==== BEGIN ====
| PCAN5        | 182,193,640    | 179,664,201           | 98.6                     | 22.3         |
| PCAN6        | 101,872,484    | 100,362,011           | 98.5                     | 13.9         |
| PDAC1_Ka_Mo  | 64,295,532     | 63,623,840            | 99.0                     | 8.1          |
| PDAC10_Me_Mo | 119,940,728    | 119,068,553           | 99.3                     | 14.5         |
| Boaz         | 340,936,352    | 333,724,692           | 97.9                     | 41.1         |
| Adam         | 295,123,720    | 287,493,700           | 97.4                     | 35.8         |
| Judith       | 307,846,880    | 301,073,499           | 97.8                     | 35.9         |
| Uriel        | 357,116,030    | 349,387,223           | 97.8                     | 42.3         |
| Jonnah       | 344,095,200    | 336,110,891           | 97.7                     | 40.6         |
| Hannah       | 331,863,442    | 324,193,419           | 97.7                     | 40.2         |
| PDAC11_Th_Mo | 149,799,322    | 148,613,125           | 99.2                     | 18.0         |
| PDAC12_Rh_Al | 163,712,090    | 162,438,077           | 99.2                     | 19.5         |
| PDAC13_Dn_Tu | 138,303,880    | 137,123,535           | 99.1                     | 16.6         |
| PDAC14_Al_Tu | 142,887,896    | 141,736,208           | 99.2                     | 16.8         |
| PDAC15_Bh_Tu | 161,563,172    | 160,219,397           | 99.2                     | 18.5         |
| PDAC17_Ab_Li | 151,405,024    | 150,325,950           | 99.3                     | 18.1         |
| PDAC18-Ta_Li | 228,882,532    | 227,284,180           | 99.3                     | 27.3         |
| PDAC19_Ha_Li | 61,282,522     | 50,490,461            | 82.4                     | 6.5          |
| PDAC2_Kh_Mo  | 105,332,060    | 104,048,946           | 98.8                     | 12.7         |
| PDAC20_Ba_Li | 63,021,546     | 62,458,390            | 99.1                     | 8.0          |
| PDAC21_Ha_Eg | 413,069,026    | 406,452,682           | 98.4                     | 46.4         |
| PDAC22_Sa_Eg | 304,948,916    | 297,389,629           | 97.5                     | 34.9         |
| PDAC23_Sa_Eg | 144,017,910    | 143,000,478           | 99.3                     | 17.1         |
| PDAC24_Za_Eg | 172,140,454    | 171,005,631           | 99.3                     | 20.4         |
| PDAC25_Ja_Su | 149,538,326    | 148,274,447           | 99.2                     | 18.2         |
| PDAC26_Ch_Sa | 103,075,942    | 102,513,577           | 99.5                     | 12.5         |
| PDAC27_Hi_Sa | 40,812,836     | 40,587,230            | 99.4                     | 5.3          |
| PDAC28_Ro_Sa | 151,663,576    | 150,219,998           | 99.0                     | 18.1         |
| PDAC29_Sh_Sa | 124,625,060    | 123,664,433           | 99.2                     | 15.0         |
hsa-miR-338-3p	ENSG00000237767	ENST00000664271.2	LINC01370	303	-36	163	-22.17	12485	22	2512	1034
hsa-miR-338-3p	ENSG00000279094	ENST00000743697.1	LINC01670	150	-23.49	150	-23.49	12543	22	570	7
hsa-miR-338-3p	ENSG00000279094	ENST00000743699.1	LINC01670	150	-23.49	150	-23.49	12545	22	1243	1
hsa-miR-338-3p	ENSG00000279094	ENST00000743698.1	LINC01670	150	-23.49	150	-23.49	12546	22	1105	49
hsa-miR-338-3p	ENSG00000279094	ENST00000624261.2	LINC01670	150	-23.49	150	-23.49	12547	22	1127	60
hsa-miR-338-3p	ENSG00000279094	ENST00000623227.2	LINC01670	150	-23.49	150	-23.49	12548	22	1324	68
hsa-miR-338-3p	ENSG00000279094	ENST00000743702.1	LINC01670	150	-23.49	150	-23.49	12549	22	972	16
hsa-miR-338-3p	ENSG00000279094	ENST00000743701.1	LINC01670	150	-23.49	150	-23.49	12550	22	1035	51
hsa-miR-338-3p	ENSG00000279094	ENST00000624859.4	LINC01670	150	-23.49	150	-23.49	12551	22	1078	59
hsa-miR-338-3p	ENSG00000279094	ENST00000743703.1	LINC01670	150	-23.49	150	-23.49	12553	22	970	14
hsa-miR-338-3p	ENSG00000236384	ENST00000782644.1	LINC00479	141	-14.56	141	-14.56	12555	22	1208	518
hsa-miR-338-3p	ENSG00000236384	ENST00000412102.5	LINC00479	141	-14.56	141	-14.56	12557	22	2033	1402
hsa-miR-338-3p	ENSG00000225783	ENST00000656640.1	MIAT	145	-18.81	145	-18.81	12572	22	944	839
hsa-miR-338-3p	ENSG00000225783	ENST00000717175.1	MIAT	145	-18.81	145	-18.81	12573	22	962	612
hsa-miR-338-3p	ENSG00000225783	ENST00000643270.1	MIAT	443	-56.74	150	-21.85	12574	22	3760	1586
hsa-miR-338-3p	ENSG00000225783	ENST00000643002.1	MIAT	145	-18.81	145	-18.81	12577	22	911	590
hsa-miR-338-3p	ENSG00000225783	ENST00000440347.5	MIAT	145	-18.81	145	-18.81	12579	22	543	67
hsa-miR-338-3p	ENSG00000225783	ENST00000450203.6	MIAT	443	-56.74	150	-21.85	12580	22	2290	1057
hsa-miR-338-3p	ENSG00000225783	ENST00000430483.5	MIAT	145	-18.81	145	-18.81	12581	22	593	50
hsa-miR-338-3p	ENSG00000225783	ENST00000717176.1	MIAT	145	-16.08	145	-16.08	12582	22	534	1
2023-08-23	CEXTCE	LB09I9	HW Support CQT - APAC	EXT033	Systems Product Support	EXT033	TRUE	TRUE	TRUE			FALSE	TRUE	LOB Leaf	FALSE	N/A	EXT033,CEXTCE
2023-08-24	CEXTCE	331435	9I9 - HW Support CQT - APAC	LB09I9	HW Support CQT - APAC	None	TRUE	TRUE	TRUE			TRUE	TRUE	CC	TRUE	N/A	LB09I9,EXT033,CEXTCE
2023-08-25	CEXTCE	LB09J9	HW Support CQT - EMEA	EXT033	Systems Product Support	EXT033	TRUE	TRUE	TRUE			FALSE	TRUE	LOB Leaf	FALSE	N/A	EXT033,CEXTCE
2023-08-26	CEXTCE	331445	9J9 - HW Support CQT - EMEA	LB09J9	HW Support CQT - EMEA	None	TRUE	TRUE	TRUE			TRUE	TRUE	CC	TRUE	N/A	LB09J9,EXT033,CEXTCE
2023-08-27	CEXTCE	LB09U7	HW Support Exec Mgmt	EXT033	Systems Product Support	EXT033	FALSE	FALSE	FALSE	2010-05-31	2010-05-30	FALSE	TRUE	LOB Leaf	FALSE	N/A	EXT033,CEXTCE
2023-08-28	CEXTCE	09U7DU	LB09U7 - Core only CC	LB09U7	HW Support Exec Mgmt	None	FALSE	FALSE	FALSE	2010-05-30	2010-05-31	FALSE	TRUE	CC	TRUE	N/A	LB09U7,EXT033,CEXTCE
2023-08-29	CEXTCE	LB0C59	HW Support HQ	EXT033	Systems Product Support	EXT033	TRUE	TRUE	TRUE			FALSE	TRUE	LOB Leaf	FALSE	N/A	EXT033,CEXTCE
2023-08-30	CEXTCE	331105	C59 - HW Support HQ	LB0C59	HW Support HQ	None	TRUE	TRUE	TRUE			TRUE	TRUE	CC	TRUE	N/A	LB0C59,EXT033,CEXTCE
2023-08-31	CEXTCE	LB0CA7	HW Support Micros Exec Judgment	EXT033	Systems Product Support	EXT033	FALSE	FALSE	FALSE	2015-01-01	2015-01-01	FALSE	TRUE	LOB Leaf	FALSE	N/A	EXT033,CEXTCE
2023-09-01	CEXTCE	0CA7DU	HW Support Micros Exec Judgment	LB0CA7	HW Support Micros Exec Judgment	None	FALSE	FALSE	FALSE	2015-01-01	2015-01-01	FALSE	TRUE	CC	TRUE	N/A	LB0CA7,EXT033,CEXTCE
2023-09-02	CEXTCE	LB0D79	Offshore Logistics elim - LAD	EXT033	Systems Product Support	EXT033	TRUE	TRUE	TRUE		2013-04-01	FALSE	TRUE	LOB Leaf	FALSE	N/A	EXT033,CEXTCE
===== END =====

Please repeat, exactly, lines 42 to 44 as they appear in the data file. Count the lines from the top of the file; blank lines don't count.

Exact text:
hsa-miR-338-3p	ENSG00000225783	ENST00000656640.1	MIAT	145	-18.81	145	-18.81	12572	22	944	839
hsa-miR-338-3p	ENSG00000225783	ENST00000717175.1	MIAT	145	-18.81	145	-18.81	12573	22	962	612
hsa-miR-338-3p	ENSG00000225783	ENST00000643270.1	MIAT	443	-56.74	150	-21.85	12574	22	3760	1586